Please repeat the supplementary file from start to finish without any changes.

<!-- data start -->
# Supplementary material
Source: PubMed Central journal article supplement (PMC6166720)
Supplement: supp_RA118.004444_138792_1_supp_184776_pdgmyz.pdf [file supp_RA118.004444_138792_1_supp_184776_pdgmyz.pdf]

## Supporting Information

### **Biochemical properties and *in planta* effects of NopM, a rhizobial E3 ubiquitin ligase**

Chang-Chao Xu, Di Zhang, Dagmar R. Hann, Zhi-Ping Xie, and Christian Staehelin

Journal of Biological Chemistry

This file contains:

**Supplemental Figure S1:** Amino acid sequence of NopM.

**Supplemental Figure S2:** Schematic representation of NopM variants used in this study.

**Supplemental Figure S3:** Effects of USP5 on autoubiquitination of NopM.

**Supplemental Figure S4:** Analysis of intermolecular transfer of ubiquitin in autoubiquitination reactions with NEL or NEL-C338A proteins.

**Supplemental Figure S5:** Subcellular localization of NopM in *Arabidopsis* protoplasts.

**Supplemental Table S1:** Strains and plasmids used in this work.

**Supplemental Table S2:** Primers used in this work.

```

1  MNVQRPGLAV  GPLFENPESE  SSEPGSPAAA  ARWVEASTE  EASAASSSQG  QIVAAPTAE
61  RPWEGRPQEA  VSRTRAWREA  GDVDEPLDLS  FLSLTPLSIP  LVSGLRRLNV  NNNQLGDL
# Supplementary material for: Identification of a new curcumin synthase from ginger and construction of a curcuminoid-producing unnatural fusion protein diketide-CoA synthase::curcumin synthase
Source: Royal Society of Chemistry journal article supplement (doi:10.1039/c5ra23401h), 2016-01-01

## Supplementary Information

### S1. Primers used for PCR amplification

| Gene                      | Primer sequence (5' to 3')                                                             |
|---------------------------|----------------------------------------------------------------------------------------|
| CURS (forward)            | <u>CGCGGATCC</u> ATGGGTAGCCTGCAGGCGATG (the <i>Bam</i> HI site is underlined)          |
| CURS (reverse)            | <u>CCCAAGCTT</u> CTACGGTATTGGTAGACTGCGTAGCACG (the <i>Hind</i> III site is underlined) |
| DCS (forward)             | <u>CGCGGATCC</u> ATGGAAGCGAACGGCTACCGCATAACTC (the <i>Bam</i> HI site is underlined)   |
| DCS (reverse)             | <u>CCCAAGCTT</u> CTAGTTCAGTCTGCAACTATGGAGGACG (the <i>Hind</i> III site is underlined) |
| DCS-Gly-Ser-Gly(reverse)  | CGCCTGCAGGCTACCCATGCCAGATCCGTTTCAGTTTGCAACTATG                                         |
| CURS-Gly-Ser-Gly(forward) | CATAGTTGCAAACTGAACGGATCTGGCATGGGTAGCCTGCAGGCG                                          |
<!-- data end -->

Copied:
# Supplementary material
Source: PubMed Central journal article supplement (PMC6166720)
Supplement: supp_RA118.004444_138792_1_supp_184776_pdgmyz.pdf [file supp_RA118.004444_138792_1_supp_184776_pdgmyz.pdf]

## Supporting Information

### **Biochemical properties and *in planta* effects of NopM, a rhizobial E3 ubiquitin ligase**

Chang-Chao Xu, Di Zhang, Dagmar R. Hann, Zhi-Ping Xie, and Christian Staehelin

Journal of Biological Chemistry

This file contains:

**Supplemental Figure S1:** Amino acid sequence of NopM.

**Supplemental Figure S2:** Schematic representation of NopM variants used in this study.

**Supplemental Figure S3:** Effects of USP5 on autoubiquitination of NopM.

**Supplemental Figure S4:** Analysis of intermolecular transfer of ubiquitin in autoubiquitination reactions with NEL or NEL-C338A proteins.

**Supplemental Figure S5:** Subcellular localization of NopM in *Arabidopsis* protoplasts.

**Supplemental Table S1:** Strains and plasmids used in this work.

**Supplemental Table S2:** Primers used in this work.

```

1  MNVQRPGLAV  GPLFENPESE  SSEPGSPAAA  ARWVEASTE  EASAASSSQG  QIVAAPTAE
61  RPWEGRPQEA  VSRTRAWREA  GDVDEPLDLS  FLSLTPLSIP  LVSGLRRLNV  NNNQLGDL
# Supplementary material for: Identification of a new curcumin synthase from ginger and construction of a curcuminoid-producing unnatural fusion protein diketide-CoA synthase::curcumin synthase
Source: Royal Society of Chemistry journal article supplement (doi:10.1039/c5ra23401h), 2016-01-01

## Supplementary Information

### S1. Primers used for PCR amplification

| Gene                      | Primer sequence (5' to 3')                                                             |
|---------------------------|----------------------------------------------------------------------------------------|
| CURS (forward)            | <u>CGCGGATCC</u> ATGGGTAGCCTGCAGGCGATG (the <i>Bam</i> HI site is underlined)          |
| CURS (reverse)            | <u>CCCAAGCTT</u> CTACGGTATTGGTAGACTGCGTAGCACG (the <i>Hind</i> III site is underlined) |
| DCS (forward)             | <u>CGCGGATCC</u> ATGGAAGCGAACGGCTACCGCATAACTC (the <i>Bam</i> HI site is underlined)   |
| DCS (reverse)             | <u>CCCAAGCTT</u> CTAGTTCAGTCTGCAACTATGGAGGACG (the <i>Hind</i> III site is underlined) |
| DCS-Gly-Ser-Gly(reverse)  | CGCCTGCAGGCTACCCATGCCAGATCCGTTTCAGTTTGCAACTATG                                         |
| CURS-Gly-Ser-Gly(forward) | CATAGTTGCAAACTGAACGGATCTGGCATGGGTAGCCTGCAGGCG                                          |